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Transmitted Diseases 

Human immunodeficiency virus (HIV)

Human immunodeficiency virus (HIV) harms the immune system by destroying the white blood cells, thereby increasing the risk for serious infections and certain cancers.  AIDs (acquired immunodeficiency syndrome) is the final stage of HIV infection. Not everyone with HIV develops AIDS. Early diagnosis of HIV and consequently treatment using antiretroviral therapy (ART), helps to control the virus reducing the risk of transmitting HIV to others and disease progression to AIDS.

Hepatitis B virus (HBV) & Hepatitis C virus (HCV)

Hepatitis B and C are liver diseases caused by the hepatitis B or C virus, respectively. These viruses can cause both acute and chronic hepatitis, ranging in severity from a mild illness lasting a few weeks to a serious, lifelong illness. Patients with dual HBV and HCV infection have a more severe liver disease (cirrhosis) and are at an increased risk for progression to hepatocellular carcinoma (HCC).


Chlamydia trachomatis is the most common STD. Approximately 60% of chlamydia genital infections in women can be asymptomatic and thus, remain undiagnosed and untreated. Untreated chlamydia infection may ascend to the upper genital tract leading to severe reproductive complications like tubal factor infertility and ectopic pregnancy. In addition, chlamydia can display urethritis, proctitis and trachoma in both males and females.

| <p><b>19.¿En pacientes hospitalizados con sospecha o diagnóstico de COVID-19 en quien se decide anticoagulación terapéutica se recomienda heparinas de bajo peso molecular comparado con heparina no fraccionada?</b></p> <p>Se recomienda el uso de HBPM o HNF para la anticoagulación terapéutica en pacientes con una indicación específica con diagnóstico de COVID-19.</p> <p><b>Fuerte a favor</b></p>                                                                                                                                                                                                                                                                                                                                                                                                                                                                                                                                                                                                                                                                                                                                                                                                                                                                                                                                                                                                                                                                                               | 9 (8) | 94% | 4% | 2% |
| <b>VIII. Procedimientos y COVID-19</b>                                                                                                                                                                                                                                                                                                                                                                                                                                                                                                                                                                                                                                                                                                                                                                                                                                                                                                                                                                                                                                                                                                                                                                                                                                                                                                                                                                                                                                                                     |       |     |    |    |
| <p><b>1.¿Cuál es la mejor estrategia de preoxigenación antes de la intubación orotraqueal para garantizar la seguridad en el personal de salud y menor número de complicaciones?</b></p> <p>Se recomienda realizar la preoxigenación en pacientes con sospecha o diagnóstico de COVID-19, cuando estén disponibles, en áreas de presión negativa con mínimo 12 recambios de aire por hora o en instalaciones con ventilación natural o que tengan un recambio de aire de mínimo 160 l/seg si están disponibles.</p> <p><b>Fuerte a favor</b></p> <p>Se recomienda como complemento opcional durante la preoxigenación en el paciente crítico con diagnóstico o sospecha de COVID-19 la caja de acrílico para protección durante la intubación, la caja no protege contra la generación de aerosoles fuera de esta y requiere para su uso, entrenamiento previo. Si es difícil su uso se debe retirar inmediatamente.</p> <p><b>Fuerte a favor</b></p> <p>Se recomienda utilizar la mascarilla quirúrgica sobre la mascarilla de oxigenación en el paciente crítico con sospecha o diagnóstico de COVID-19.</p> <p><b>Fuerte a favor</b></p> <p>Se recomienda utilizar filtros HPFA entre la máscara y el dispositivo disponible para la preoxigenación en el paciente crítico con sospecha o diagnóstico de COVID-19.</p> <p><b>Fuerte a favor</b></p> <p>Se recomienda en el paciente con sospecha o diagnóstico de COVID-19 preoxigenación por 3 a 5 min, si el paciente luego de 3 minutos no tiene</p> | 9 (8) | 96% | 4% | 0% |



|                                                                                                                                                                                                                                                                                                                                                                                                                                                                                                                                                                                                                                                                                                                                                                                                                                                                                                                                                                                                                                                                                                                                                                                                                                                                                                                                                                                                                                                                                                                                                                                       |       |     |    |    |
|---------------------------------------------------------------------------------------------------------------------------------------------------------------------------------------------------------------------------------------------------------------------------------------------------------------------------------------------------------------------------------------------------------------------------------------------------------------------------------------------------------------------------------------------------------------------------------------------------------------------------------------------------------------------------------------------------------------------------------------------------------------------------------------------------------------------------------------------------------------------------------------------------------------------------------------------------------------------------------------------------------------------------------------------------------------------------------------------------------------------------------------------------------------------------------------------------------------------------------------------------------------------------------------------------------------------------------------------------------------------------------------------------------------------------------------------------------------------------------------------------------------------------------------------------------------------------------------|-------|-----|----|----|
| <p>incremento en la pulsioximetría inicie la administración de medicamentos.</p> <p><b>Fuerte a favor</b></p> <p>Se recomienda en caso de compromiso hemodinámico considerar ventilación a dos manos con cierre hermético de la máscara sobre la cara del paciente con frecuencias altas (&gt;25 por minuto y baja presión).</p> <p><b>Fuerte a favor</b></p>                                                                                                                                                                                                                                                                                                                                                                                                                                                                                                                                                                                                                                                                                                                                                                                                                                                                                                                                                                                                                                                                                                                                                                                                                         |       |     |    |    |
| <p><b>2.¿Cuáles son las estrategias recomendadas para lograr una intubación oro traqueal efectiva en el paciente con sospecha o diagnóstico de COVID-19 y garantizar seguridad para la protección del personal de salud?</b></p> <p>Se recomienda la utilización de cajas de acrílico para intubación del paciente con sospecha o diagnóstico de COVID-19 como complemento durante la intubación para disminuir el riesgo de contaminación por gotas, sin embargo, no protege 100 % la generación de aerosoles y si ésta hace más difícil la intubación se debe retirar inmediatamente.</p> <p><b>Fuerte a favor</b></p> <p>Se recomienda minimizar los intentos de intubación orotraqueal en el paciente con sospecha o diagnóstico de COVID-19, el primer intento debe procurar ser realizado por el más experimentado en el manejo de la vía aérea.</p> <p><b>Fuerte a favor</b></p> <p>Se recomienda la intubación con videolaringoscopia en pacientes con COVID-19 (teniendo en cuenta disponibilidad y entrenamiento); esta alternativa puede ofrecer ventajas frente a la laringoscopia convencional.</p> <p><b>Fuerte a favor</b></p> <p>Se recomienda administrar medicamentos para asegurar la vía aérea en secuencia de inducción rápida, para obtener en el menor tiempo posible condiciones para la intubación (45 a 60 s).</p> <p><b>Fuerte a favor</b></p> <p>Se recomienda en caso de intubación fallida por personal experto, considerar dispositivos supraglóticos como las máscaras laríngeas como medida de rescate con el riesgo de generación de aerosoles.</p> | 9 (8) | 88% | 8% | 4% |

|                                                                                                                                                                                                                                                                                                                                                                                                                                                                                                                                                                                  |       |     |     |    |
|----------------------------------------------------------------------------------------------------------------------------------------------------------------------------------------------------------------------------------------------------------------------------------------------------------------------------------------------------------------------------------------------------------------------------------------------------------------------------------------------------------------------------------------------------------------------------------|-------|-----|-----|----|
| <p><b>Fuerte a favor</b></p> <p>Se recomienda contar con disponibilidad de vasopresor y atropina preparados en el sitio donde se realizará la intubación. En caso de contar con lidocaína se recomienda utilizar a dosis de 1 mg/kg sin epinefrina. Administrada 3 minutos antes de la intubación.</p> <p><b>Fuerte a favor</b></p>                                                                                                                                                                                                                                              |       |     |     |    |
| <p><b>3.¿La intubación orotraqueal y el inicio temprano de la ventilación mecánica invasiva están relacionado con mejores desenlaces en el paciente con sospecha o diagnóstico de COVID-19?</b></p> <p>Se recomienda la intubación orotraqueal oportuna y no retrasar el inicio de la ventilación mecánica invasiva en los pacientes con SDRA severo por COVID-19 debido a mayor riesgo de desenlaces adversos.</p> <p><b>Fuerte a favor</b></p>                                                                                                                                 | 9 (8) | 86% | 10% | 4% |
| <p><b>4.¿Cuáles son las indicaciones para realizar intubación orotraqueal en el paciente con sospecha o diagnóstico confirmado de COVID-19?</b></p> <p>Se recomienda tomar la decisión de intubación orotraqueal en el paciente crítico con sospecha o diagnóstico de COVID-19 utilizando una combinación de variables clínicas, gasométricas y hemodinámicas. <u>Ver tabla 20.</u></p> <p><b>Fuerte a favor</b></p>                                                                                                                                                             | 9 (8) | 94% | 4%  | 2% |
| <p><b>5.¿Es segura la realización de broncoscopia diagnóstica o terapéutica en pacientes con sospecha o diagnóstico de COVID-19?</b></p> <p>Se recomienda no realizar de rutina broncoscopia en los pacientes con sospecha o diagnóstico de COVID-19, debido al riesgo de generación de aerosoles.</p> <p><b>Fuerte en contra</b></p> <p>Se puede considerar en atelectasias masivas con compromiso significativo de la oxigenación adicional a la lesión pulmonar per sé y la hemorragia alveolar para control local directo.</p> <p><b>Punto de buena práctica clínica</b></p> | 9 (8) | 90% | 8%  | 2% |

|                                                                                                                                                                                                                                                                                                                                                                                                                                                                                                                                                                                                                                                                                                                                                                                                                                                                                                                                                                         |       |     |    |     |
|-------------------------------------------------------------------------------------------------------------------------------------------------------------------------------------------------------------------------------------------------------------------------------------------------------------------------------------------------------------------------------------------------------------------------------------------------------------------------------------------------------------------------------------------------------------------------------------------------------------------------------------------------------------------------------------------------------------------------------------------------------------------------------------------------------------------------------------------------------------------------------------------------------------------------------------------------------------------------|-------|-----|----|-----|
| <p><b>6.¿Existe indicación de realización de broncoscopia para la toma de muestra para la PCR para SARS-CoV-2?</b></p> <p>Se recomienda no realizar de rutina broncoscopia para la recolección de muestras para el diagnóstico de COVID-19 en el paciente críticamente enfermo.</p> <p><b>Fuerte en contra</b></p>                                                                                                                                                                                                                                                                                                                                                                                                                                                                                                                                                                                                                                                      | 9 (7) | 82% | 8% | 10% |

Gonorrhoea is a common sexually transmitted disease caused by Neisseria gonorrhoeae.  With about 62.2 million cases registered worldwide. In males and females, the gonorrhoea is clinically manifested as urethritis with a purulent discharge from the genitals in females or as cervicitis. Infection in the pelvic region could lead up to infertility in females. 

Mycoplasma & Ureaplasma

Mycoplasma genitalium and Ureaplasma urealyticum/parvum are found in women with pelvic inflammatory disease. Infection with M.genitalium is associated with increased risk of cervicitis, preterm birth, spontaneous abortion and infertility, while Ureaplasma is a possible cause of bacterial vaginosis.

Herpes virus 1&2

The herpes simplex virus is categorised into 1 (HSV-1) and 2 (HSV-2). HSV-1 causes oral herpes, and in some cases genital herpes, while HSV-2 is a sexually transmitted infection that causes genital herpes. Both HSV-1 and HSV-2 infections are lifelong. Most oral and genital herpes infections are asymptomatic, but can still be transmitted to others. Infection with HSV-2 increases the risk of acquiring and transmitting HIV infection. 

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